Clinicians are finding that there really is no basis to recommend probiotics for patients with Clostridioides difficile infection, that instead they may cause harm, said Colleen R. Kelly, MD, FACG, gastroenterologist and associate professor of medicine at The Warren Alpert Medical School of Brown University.
Based on evidence from recent studies and other data, there really is no basis to recommend probiotics for individuals with Clostridioides difficile infection, said Colleen R. Kelly, MD, FACG, gastroenterologist with Lifespan Physician Group Gastroenterology practice and at the Center for Women’s Gastrointestinal Medicine and associate professor of medicine at The Warren Alpert Medical School of Brown University, speaking about updated guidelines from the American College of Gastroenterology.
What do clinicians and patients need to know about the updated guidelines for Clostridioides difficile infection that discuss probiotics?
Probiotics have been this thing that a lot of us to treat who treat a lot of C diff see people spending a lot of money on, and they kind of have, in our mind, been a lot of magical thinking. We do this without a lot of data. We tell patients we know C diff is because you have too many bad bacteria and not enough good bacteria, so let's go to the store and buy these pills with good bacteria. Anything we recommend to patients, I just want to make sure we're not snake oil salesmen, that we're telling them to go buy something that's going to work. And I think with probiotics, I would see patients who came to me after having 3, 4, or 5 recurrent C diff infections with a bag of probiotics they're spending $100 or more a month on.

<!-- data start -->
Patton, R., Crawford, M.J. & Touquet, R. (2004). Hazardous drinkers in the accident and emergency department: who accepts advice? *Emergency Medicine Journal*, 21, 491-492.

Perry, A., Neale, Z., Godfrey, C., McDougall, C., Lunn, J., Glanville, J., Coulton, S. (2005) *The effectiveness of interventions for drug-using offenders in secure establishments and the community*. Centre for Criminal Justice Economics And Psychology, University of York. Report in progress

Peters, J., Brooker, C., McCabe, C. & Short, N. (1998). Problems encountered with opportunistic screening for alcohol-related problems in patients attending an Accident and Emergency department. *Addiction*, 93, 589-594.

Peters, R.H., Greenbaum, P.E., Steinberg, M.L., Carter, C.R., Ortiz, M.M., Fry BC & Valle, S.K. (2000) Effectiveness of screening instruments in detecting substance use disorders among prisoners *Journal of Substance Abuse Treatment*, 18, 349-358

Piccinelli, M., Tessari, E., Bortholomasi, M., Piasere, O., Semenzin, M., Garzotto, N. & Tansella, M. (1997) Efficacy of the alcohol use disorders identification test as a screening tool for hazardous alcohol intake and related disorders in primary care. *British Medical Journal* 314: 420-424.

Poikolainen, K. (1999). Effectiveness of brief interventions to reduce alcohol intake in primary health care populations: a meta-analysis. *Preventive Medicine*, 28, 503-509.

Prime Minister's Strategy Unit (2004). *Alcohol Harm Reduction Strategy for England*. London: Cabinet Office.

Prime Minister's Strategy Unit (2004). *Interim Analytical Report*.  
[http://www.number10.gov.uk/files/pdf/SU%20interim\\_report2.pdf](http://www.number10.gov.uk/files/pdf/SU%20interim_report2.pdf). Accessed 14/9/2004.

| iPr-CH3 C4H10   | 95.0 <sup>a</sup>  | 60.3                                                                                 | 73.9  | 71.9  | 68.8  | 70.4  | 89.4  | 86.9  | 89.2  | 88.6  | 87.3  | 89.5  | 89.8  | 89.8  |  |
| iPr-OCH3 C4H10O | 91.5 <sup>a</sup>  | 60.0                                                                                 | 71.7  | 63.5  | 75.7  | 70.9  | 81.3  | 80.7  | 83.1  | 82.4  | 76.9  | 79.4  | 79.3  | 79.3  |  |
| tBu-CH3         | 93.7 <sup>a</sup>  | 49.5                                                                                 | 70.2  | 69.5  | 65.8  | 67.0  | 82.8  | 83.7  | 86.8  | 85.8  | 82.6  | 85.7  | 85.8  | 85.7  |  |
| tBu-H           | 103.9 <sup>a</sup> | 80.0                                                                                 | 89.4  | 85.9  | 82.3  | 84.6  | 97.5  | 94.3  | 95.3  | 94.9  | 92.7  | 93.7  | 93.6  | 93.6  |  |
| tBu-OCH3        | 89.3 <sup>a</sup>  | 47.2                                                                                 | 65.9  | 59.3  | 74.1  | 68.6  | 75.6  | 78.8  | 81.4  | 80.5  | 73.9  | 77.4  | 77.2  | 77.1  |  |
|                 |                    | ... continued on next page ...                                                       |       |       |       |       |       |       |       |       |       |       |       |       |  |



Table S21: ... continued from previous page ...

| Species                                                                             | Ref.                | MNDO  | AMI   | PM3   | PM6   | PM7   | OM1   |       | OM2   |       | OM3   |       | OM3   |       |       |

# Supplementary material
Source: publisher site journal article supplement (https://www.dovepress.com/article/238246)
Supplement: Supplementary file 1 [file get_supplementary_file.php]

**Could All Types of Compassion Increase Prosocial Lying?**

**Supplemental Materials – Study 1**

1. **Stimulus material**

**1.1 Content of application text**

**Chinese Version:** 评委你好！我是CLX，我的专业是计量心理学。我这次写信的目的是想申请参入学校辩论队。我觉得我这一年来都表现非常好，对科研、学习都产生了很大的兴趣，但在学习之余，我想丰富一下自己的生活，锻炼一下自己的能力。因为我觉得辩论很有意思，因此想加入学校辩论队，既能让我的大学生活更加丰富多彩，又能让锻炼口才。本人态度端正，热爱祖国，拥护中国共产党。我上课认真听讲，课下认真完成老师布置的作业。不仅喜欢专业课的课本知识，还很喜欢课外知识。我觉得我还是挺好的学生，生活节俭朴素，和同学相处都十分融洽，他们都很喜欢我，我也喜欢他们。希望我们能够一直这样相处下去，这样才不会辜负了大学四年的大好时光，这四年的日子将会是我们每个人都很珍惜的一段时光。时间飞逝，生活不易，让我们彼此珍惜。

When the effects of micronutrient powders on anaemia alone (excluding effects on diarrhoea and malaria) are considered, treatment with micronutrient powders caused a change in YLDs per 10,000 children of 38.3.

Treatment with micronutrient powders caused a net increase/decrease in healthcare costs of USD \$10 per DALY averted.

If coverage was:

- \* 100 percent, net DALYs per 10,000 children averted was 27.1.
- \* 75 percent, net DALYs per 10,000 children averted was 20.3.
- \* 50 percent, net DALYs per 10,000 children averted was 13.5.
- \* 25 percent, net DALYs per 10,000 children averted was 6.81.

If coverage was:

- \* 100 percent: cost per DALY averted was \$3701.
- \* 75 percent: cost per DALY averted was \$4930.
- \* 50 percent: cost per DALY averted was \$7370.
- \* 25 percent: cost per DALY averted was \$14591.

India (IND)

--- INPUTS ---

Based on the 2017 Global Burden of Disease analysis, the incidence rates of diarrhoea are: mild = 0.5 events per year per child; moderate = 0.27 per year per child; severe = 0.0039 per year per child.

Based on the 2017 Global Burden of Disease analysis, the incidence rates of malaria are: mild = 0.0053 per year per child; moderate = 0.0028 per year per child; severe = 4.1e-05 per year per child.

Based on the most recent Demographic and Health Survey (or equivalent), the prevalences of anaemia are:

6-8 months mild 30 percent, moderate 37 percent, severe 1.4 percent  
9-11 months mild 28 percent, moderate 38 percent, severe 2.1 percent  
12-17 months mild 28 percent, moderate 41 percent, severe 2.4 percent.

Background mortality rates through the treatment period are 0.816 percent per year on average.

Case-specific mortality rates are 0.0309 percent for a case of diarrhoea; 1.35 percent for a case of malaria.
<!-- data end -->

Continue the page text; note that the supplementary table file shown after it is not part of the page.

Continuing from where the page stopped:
We took a real deep dive into the research to see if probiotics are effective at preventing C diff in the first place. So if you get a course of antibiotics for dental infection, or a UTI [urinary tract infection], should you take probiotics along with them to keep yourself from getting C diff, or after you already have C diff, if you take probiotics along with the C diff treatment or afterwards, is your C diff less likely to come back again—so secondary prevention—and we really found that probiotics didn't appear to be effective in either of those situations. There are a few studies here and there, but most of the better done studies, the prospective randomized controlled trials of probiotics for primary prevention, have been negative studies and not shown any benefit over placebo, and the few smaller studies that have were a little suspect in terms of methodologies and sample sizes. They had really high rates of C diff in their background, placebo-treated populations that really exceeded anything that we see here. And so there really just wasn't anything compelling to show that they helped.
Some people will say, “Well, even if they don't really help, maybe they don't hurt and maybe they make the patient feel proactive, like they're doing something for themselves. I think we're actually finding, they may hurt. There's been a couple of studies that have shown that probiotics may actually be detrimental to normal recolonization of the gut, that the gut flora after a course of antibiotics, [probiotics] may disrupt that normal balance. Also patients who are immunocompromised, there have been reports of probiotics bacteremia or fungemia, particularly in people who are hospitalized. And I have seen people in the hospital who are really sick getting probiotics, and that's certainly a situation where we wouldn't want people getting them.
So there's not enough data for benefit, and now there's kind of some data that it could be harmful. There’s really no reason we should, as doctors, and based on the current science, be recommending this to patients.